In wake of TSA breach, a refresher on redacting PDFs

What works on printed documents doesn't doesn't translate to digital

News that the Transportation Security Administration (TSA) accidentally posted secret information detailing its airline screening practices may have had a familiar ring to feds. The information was exposed because of inadequate redaction procedures.

TSA’s operating manual had been posted on a procurement Web site in the spring in redacted form. But anyone who copied the document and pasted it into another format, such as Microsoft Word or Windows Notepad, could read the redacted sections. Some of those sections included the settings for X-ray machines and explosives detectors, as well as procedures for dealing with diplomats, CIA employees and law enforcement officers.

Information breaches due to improper redaction are not new. In 2005, the Multi-National Force-Iraq ran into a similar problem when a memo with redacted classified information about a shooting was posted on the Web. The classified information, however, wasn’t actually redacted so much as blacked out, and the information could be revealed by copying and pasting it into a different format.

The White House, Justice Department and United Nations also have encountered similar slip-ups.

In wake of those embarrassments, the National Security Agency issued guidance to federal agencies, titled “Redacting with Confidence: How to Safely Publish Sanitized Reports Converted From Word to PDF.”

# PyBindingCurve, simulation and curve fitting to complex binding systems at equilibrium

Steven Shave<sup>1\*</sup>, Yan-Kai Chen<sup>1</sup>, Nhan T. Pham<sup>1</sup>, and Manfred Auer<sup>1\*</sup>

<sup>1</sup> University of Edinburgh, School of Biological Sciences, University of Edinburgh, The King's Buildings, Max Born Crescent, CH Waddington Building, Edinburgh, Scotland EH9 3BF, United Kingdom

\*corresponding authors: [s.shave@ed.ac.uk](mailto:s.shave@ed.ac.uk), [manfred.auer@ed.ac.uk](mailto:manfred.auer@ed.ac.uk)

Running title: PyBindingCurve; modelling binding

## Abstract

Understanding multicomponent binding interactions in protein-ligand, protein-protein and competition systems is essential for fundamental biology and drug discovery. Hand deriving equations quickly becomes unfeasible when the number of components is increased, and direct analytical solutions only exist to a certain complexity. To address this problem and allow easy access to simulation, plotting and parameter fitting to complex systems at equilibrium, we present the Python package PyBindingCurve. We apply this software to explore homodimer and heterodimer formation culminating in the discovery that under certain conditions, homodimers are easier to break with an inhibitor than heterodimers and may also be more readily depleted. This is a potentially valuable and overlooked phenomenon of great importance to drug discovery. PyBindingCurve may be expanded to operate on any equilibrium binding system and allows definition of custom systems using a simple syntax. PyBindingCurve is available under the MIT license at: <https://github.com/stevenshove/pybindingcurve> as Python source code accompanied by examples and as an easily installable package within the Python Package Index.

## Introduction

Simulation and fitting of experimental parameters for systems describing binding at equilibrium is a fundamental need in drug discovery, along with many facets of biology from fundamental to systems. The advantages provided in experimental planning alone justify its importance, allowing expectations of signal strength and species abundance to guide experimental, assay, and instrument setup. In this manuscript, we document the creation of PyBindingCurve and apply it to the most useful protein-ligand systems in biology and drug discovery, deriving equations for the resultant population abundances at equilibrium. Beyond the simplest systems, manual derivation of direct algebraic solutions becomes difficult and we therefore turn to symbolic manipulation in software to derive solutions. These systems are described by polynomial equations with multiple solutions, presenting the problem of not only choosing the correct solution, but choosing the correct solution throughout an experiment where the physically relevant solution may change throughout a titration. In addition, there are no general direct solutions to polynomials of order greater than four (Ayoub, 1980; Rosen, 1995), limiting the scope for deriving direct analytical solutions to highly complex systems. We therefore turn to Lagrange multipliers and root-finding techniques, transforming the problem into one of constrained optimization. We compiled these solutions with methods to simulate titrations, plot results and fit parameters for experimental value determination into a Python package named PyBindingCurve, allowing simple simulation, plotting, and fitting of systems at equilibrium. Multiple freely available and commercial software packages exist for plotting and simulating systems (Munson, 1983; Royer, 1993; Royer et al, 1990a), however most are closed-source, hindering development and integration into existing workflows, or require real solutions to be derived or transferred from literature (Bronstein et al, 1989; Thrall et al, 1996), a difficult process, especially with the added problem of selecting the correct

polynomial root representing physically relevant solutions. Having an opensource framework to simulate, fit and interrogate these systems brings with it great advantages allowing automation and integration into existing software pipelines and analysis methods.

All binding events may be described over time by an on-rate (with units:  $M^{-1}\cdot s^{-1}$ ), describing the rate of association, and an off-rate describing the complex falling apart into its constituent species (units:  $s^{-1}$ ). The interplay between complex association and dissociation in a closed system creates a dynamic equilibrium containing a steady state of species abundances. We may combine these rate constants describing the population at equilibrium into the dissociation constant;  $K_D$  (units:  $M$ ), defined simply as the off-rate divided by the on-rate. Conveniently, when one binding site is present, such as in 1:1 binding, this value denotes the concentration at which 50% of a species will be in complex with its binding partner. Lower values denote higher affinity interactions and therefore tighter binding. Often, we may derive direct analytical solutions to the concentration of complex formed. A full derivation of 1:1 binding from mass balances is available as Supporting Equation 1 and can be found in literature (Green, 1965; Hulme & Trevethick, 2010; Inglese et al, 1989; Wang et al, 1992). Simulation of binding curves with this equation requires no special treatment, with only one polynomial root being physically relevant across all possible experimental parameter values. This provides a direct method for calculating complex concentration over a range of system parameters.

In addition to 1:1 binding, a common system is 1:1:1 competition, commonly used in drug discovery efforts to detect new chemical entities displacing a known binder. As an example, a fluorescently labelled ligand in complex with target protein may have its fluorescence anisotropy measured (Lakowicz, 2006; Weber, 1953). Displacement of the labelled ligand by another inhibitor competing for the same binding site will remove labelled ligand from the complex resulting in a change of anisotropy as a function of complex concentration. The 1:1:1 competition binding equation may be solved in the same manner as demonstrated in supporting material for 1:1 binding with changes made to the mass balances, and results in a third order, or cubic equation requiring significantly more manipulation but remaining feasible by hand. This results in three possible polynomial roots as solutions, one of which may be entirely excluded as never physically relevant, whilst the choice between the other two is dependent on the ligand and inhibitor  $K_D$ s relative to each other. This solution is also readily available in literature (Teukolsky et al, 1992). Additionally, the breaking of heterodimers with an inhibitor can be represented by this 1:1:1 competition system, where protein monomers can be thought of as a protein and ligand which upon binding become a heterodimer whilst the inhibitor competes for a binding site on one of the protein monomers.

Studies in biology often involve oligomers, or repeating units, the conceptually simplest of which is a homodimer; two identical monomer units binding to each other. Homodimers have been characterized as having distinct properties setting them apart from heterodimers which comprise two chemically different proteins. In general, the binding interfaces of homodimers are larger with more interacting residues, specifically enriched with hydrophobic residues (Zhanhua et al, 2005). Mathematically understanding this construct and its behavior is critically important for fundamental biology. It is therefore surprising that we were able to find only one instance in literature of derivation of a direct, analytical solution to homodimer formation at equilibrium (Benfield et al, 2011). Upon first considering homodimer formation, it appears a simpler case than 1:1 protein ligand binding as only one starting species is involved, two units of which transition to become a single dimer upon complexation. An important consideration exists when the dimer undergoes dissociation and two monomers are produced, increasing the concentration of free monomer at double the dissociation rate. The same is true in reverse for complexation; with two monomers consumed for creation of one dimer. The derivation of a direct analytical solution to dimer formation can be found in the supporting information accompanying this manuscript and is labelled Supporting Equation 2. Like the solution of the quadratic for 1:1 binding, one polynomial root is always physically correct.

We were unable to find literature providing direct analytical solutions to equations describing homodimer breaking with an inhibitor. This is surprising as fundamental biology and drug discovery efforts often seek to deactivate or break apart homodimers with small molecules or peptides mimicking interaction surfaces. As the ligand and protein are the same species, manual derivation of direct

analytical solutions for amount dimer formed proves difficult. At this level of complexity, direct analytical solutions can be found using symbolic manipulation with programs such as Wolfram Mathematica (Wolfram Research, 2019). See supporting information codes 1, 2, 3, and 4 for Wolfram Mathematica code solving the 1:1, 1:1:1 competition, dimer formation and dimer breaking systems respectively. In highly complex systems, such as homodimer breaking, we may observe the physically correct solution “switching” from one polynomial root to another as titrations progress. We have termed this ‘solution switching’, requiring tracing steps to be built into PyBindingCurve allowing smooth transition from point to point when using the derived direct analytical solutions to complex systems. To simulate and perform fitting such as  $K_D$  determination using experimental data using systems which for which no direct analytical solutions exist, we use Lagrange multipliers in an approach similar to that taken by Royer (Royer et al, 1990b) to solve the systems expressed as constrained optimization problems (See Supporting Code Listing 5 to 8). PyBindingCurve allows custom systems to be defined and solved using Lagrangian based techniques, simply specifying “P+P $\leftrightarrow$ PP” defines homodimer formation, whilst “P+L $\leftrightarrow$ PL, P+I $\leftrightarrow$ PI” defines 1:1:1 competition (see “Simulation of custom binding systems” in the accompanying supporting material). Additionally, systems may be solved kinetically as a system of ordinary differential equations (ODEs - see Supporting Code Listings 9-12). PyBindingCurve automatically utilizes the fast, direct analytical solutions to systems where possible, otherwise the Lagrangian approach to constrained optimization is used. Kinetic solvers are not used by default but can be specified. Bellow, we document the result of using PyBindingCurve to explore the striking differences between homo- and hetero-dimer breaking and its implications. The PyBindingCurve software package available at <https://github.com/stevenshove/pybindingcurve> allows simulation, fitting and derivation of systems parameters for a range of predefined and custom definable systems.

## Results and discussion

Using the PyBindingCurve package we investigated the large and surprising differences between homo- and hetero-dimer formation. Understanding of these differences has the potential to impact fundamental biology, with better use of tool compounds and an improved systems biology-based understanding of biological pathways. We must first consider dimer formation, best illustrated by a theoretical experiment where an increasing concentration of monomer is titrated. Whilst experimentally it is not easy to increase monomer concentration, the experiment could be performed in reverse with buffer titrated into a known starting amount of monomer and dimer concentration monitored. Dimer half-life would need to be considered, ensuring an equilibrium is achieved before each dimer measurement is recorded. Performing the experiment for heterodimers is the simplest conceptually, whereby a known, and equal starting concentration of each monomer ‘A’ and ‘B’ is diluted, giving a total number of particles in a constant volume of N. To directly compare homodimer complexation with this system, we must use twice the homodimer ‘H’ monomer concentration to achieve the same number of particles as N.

In the guidance, NSA identified the three most common mistakes analysts make in redacting documents intended for the Web, all of them essentially the result of thinking that what works for a print copy works for a digital copy. The three most common mistakes:

  • Covering text, charts, tables, or diagrams with black rectangles, or highlighting text in black. most common mistake is covering text with black (or changing the background to black).
  • Covering up parts of an image with separate graphics such as black rectangles, or making images “unreadable” by reducing their size. As with text, this works only on printed copies.
  • Failing to remove metadata and documents properties, which is often as sensitive as the original document; its presence in downgraded or sanitized documents has historically led to compromise.

A few tips NSA offers on how to properly redact a document:

  • Save a copy of the original document; make changes to the copy and keep the original.
  • Delete, rather than black-out, sensitive text, diagrams, tables and images.
  • Turn off track changes, comments and other visible markups, which can contain potentially compromising hidden data.
  • Rename the document to show that manual redaction is complete.
  • Create a new Word document, and copy and paste the edited text.
  • Convert a Word document to PDF and review final output for missed redactions or formatting issues.

Metadata and recorded, but often not visible, changes to a document are potential dangers because they often go unnoticed by the user. Knowing how to find that data is the key to removing it.

About the Author

Kevin McCaney is a former editor of Defense Systems and GCN.


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